Massachusetts court rules text messages can be used against their senders

The Massachusetts Supreme Judicial Court on Tuesday ruled that a person’s privacy rights do not prevent law enforcement from obtaining and using their text messages as evidence in a trial.

The justices unanimously ruled that a lower court erred in siding with a Massachusetts man who sought to block a search of his text messages. The man, Jorge Delgado-Rivera, was charged with six others in a drug trafficking case.

Justice Frank Gaziano wrote on behalf of the justices Tuesday that the defendant had “no reasonable expectation of privacy in the sent text messages because, as with some other forms of written communication, delivery created a memorialized record of the communication that was beyond the control of the sender.”


The justice cited previous federal court decisions that have upheld “if a letter is sent to another, the sender's expectation of privacy ordinarily terminates upon delivery.”

Gaziano added that while the reasonable expectation of privacy right guaranteed under the Fourth Amendment may apply to “certain oral conversations,” this does not apply in the same way to written communication, regardless of the content of the messages.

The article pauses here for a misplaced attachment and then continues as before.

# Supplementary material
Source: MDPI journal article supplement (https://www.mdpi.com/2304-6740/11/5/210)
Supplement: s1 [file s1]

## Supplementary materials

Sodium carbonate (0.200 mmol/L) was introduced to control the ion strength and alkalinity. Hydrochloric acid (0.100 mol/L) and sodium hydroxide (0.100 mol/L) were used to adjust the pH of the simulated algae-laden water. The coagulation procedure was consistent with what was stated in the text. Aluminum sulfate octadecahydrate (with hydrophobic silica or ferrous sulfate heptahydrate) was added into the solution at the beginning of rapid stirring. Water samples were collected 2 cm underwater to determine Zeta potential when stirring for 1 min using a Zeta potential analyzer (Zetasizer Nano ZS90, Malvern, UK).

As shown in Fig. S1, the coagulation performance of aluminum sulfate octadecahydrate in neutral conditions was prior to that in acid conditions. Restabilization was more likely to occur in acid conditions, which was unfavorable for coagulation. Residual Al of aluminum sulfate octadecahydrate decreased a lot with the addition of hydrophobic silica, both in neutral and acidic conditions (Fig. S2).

“The fact that individuals communicate personally revealing thoughts, feelings, and facts via text message rather than through another medium does not alter the analysis of whether they retained a reasonable expectation of privacy in those communications,” the justice wrote.

The decision, which Gaziano noted was the first time the court addressed privacy rights in the context of text messages, centered around a message a Texas police officer had found on another person's cellphone in 2016 that appeared to link Delgado-Rivera to an alleged drug ring, according to court documents. 

The Massachusetts high court noted that while the other person is not one of the other individuals charged in the drug trafficking case, “Delgado-Rivera assumed the risk that the communications he shared with" that person "might be made accessible to others, including law enforcement."

Gaziano contended, however, that similar reasoning may not necessarily apply to a text message sent through an “encrypted messaging service,” so long as the defendant “could establish a reasonable expectation of privacy based on the use of the encryption technology employed.” 

According to court records, Delgado-Rivera and the other defendants were indicted on charges of trafficking at least 200 grams of cocaine, conspiracy to violate drug laws and conspiracy to commit money laundering. 

Delgado-Rivera was first charged in 2017 and was held on a $75,000 cash bail for nearly two years, according to The Boston Globe